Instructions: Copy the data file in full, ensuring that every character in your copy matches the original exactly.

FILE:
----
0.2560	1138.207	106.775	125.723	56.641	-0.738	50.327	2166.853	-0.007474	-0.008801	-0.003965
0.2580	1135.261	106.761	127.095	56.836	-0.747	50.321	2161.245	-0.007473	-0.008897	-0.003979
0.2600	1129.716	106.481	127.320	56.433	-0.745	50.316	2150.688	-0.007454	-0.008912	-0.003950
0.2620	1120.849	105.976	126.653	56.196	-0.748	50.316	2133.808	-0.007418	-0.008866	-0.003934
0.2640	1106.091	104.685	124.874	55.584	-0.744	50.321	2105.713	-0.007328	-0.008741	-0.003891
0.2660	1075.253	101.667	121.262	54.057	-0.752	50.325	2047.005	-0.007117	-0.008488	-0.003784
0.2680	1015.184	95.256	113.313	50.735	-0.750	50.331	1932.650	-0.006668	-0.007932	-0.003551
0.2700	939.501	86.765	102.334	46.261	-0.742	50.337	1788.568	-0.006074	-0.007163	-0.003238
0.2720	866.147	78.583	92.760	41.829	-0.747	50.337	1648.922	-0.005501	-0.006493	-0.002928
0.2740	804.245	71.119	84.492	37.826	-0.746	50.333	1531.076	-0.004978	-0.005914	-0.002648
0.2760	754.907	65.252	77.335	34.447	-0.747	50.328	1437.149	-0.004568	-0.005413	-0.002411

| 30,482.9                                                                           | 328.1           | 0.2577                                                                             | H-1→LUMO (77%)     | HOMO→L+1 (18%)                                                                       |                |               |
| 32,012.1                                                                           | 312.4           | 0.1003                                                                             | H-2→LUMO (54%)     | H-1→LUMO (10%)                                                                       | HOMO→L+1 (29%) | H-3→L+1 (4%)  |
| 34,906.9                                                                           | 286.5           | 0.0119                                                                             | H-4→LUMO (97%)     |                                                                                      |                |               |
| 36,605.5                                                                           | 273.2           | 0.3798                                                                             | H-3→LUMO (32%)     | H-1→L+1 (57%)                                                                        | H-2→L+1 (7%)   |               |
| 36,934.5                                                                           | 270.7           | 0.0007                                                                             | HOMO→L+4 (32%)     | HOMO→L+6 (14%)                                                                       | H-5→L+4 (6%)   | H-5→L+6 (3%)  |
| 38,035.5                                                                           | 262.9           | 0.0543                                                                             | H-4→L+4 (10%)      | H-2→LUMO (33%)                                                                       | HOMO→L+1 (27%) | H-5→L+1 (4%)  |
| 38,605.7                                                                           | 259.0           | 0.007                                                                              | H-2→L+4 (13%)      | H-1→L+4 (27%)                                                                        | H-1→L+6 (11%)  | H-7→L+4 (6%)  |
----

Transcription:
0.2560	1138.207	106.775	125.723	56.641	-0.738	50.327	2166.853	-0.007474	-0.008801	-0.003965
0.2580	1135.261	106.761	127.095	56.836	-0.747	50.321	2161.245	-0.007473	-0.008897	-0.003979
0.2600	1129.716	106.481	127.320	56.433	-0.745	50.316	2150.688	-0.007454	-0.008912	-0.003950
0.2620	1120.849	105.976	126.653	56.196	-0.748	50.316	2133.808	-0.007418	-0.008866	-0.003934
0.2640	1106.091	104.685	124.874	55.584	-0.744	50.321	2105.713	-0.007328	-0.008741	-0.003891
0.2660	1075.253	101.667	121.262	54.057	-0.752	50.325	2047.005	-0.007117	-0.008488	-0.003784
0.2680	1015.184	95.256	113.313	50.735	-0.750	50.331	1932.650	-0.006668	-0.007932	-0.003551
0.2700	939.501	86.765	102.334	46.261	-0.742	50.337	1788.568	-0.006074	-0.007163	-0.003238
0.2720	866.147	78.583	92.760	41.829	-0.747	50.337	1648.922	-0.005501	-0.006493	-0.002928
0.2740	804.245	71.119	84.492	37.826	-0.746	50.333	1531.076	-0.004978	-0.005914	-0.002648
0.2760	754.907	65.252	77.335	34.447	-0.747	50.328	1437.149	-0.004568	-0.005413	-0.002411

| 30,482.9                                                                           | 328.1           | 0.2577                                                                             | H-1→LUMO (77%)     | HOMO→L+1 (18%)                                                                       |                |               |
| 32,012.1                                                                           | 312.4           | 0.1003                                                                             | H-2→LUMO (54%)     | H-1→LUMO (10%)                                                                       | HOMO→L+1 (29%) | H-3→L+1 (4%)  |
| 34,906.9                                                                           | 286.5           | 0.0119                                                                             | H-4→LUMO (97%)     |                                                                                      |                |               |
| 36,605.5                                                                           | 273.2           | 0.3798                                                                             | H-3→LUMO (32%)     | H-1→L+1 (57%)                                                                        | H-2→L+1 (7%)   |               |
| 36,934.5                                                                           | 270.7           | 0.0007                                                                             | HOMO→L+4 (32%)     | HOMO→L+6 (14%)                                                                       | H-5→L+4 (6%)   | H-5→L+6 (3%)  |
| 38,035.5                                                                           | 262.9           | 0.0543                                                                             | H-4→L+4 (10%)      | H-2→LUMO (33%)                                                                       | HOMO→L+1 (27%) | H-5→L+1 (4%)  |
| 38,605.7                                                                           | 259.0           | 0.007                                                                              | H-2→L+4 (13%)      | H-1→L+4 (27%)                                                                        | H-1→L+6 (11%)  | H-7→L+4 (6%)  |